Hi, I’m Kevin Zhou, Economist at Buttercoin a Silicon Valley / Wall Street backed Bitcoin Marketplace (sign up here). Every week we take a look at what’s happening in Bitcoin and share it, here’s the latest.
This week markets traded between $365/BTC and $385/BTC. Volatility has remained low with the exception of a sharp but minor drop on 12/4 from $375/BTC to $365/BTC. Trading volumes continue to decrease.
News this week:
- Second US Marshal bitcoin auction closes: http://bit.ly/1vxswoF
- 50k BTC were auctioned off.
- 11 bidders present.
- Tim Draper wins 2000 of them.
- In an Australian Senate Economics Committee inquiry, Mastercard argues for stronger regulation of bitcoin: http://bit.ly/1vFPRJP
- Coinjar relocates to the UK due to unfavorable bitcoin tax environment in Australia: http://bit.ly/1ubRj2f
- Rep. Steve Stockman introduces bill to impose a moratorium on new legislation regarding cryptocurrency for 5 years: http://bit.ly/1I5hK2T
- Also calls for bitcoin to be treated like a currency.
- For tax purposes, the creation or purchase of bitcoin is not immediately taxable based on "fair market value" but only taxable after converting to fiat. Only then is net gain/loss calculated.
- 3 top Dutch banks experiment with blockchain technology: http://bit.ly/1w6CQce
- Venezuelan congressman Guido Ochoa buys HashFast in bankruptcy sale: http://bit.ly/1G9c2JI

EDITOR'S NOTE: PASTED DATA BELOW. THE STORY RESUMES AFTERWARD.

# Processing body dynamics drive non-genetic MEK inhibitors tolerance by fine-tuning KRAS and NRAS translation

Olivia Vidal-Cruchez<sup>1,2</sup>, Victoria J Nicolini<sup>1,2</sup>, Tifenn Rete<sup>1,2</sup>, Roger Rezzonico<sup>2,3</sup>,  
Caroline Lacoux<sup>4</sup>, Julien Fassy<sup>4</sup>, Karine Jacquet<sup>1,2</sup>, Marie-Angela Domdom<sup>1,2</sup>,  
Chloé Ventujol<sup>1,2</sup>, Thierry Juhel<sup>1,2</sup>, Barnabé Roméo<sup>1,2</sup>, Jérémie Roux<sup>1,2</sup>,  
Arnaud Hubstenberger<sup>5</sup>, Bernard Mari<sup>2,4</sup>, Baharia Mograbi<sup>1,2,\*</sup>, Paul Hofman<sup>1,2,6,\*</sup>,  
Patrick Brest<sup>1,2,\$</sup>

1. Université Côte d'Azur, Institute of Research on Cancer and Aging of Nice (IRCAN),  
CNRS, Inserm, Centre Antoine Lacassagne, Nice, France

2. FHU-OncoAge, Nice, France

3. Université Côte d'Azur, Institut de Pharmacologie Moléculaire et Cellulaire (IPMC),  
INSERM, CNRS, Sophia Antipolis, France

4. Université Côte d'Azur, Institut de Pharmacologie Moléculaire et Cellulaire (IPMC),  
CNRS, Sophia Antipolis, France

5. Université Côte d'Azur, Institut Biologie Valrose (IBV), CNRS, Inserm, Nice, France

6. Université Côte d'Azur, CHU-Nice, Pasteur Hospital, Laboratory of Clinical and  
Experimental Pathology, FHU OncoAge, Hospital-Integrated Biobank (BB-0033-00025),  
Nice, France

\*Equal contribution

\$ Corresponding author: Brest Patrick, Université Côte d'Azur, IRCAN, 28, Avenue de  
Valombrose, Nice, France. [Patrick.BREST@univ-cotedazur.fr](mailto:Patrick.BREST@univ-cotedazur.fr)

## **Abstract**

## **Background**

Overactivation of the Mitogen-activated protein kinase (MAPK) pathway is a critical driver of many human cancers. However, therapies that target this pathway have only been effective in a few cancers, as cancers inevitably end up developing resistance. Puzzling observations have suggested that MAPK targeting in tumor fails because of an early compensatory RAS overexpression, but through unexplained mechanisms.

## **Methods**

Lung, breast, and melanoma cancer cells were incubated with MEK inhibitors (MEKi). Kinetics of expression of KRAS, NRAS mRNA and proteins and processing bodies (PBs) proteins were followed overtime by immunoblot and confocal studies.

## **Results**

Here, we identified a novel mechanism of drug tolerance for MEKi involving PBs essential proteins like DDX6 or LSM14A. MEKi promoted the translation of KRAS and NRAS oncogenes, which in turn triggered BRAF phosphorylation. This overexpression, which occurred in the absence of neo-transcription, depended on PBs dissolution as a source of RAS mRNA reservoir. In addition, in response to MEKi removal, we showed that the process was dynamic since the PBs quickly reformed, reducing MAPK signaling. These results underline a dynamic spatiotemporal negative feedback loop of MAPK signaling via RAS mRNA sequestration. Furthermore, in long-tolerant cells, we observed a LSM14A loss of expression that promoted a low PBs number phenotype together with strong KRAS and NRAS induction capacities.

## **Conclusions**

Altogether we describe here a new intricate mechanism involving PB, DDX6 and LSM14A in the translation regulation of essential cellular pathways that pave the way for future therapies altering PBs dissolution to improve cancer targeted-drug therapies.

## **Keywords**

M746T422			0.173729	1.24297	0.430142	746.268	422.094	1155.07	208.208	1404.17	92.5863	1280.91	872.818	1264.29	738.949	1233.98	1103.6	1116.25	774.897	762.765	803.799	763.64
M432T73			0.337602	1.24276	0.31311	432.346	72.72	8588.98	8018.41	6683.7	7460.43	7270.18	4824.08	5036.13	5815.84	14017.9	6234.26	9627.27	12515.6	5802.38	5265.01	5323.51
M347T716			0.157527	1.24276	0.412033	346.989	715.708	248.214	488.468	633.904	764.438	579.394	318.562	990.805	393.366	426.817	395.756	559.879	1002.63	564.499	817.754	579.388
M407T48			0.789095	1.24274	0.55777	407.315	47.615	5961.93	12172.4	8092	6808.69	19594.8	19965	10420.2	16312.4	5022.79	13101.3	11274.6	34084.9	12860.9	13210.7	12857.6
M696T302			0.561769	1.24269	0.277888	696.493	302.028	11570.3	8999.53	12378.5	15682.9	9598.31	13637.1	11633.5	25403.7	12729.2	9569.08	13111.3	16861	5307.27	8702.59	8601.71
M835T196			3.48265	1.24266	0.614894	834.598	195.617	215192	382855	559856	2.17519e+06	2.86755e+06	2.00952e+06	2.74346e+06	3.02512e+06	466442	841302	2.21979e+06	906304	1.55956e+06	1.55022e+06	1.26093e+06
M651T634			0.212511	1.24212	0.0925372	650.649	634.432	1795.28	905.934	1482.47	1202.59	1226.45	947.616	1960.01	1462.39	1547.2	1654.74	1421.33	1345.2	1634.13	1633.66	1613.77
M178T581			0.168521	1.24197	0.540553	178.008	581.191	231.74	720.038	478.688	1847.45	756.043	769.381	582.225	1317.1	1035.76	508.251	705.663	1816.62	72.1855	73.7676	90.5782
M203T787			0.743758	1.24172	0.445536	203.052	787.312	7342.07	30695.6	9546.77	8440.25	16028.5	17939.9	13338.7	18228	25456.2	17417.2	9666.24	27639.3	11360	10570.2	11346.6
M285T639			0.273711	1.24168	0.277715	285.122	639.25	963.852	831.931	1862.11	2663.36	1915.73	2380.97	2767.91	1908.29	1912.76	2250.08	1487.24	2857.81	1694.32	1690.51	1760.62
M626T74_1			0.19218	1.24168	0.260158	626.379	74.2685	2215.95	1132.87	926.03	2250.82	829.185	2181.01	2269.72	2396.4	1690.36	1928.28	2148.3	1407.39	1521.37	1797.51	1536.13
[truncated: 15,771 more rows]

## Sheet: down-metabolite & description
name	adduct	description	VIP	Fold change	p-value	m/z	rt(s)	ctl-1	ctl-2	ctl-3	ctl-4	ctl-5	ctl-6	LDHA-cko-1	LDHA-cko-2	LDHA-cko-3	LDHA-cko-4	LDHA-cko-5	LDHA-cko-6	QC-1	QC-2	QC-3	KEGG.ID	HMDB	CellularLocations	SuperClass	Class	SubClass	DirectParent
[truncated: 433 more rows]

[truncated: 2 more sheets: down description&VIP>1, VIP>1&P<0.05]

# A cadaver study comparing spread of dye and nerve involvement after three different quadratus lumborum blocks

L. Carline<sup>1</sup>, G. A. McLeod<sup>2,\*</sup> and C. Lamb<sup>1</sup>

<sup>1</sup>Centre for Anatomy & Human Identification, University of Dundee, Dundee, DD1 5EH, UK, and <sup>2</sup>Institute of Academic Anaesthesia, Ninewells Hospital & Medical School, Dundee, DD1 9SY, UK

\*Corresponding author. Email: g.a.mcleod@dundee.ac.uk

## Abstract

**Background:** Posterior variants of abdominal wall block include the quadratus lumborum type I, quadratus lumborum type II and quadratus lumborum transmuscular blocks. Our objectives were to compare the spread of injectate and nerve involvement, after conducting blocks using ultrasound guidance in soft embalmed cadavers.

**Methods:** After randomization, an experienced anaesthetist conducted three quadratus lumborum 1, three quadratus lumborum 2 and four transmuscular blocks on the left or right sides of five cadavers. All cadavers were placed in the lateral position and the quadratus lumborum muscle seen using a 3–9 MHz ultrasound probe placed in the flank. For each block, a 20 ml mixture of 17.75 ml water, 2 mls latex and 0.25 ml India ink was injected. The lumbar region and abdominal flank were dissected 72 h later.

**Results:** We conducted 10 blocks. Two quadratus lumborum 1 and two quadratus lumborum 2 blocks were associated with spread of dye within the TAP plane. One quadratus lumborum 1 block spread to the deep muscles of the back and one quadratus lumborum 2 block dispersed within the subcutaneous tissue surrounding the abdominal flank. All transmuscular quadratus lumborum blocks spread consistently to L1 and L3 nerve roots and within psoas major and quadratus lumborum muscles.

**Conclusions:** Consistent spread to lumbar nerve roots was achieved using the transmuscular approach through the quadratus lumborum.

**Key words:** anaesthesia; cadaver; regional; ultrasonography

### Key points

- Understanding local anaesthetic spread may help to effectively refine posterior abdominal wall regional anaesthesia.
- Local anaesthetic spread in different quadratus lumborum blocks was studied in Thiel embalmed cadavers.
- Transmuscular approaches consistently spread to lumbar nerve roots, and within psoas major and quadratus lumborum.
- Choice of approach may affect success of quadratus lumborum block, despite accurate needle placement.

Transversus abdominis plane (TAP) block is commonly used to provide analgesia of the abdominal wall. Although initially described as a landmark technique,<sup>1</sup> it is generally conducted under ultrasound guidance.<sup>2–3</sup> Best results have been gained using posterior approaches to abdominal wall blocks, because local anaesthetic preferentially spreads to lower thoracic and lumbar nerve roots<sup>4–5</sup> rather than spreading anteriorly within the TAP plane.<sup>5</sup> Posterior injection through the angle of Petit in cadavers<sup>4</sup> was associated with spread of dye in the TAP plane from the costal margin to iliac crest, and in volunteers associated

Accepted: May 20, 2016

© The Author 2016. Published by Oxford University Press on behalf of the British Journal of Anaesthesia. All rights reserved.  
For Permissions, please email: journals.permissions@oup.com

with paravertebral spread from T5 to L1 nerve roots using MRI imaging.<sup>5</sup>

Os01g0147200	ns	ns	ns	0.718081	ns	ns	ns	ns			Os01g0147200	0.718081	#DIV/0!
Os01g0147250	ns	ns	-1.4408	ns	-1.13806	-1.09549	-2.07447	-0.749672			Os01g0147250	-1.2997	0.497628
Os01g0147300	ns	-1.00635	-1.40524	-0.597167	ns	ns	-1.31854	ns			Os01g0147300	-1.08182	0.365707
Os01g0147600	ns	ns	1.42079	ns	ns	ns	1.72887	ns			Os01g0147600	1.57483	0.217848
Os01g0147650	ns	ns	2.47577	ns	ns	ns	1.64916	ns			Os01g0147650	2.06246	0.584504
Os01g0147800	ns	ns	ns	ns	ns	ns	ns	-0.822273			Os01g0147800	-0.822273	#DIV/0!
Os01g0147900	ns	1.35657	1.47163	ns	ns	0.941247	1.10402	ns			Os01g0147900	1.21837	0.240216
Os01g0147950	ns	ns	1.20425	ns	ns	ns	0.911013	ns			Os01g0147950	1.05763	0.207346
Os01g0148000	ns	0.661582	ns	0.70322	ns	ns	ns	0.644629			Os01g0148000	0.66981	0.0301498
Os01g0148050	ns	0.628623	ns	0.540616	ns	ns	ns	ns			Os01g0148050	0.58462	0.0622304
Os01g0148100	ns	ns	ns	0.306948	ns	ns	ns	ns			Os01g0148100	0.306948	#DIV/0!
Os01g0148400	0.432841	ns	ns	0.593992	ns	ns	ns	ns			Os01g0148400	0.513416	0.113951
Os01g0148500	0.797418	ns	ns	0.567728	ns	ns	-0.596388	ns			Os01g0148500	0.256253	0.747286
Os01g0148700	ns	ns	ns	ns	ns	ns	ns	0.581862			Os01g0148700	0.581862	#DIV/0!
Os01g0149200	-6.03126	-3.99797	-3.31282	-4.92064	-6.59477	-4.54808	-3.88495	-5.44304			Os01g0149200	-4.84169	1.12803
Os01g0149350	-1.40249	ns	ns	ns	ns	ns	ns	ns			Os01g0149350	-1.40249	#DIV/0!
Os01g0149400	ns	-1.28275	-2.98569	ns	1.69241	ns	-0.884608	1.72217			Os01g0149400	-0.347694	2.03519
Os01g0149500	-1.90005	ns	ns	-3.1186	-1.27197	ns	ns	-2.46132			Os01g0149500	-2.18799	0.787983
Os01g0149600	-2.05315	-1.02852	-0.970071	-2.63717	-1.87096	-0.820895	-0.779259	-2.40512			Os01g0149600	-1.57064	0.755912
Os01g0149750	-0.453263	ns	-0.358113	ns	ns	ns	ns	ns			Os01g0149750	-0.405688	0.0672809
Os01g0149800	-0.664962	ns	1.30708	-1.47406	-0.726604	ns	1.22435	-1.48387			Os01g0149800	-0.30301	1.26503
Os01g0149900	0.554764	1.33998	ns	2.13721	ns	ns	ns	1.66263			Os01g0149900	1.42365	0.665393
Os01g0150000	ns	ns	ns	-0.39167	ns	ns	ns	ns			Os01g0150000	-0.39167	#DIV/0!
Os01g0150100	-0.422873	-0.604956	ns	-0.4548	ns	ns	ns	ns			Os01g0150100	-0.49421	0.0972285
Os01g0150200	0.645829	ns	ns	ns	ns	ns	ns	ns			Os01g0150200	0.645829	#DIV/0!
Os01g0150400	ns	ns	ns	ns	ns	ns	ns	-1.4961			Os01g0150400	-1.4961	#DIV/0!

- Blockchain.info's random number generator was compromised for a brief moment yesterday resulting in unsecure private keys being generated on behalf of customers: http://bit.ly/1wUbOGO
- Losses total around $100k.
- BTCT and owner/operator burnside fined $68k by SEC for violating securities laws: http://bit.ly/1vFPXkT
- A good explanation of block withholding attacks on open pools: http://bit.ly/1w6CTon
- Open pools are intrinsically vulnerable to block withholding attacks by solo miners and other pools.
- This can be somewhat mitigated by giving a disproportionally larger reward to members which find the actual block in a pool but it cannot be completely solved for open pools.
This week, I'd like to delve into the second US Marshal bitcoin auction and how it affects the market. Markets should only react to new, unexpected information. The expectation that these Silk Road seized coins would be auctioned off by the government had already formed to some degree on the day the coins were seized and further confirmed by the first US Marshal bitcoin auction. Thus the event of the second auction, itself, should have little market impact because it was, with near certainty, expected by the market.
There are broadly two types of bidders in the auction. Those who bid under market price (short and long-term value seekers) and those who bid above market (long-term investors). If an underbidder wins, they could either sell the bitcoin into the open market to lock in some profit or hold onto the bitcoins for a longer period of time. Both of these behaviors are reasonable. However, if an overbidder wins, the only reasonable behavior is to hold. This is because the only reason someone would bid above the current spot price is because they are seeking to take a sizable long position in bitcoin while incurring less slippage than if that position was bought in the open market. There would be no reason for someone to bid above market price only to win the auction and immediately it sell back to the market at a loss.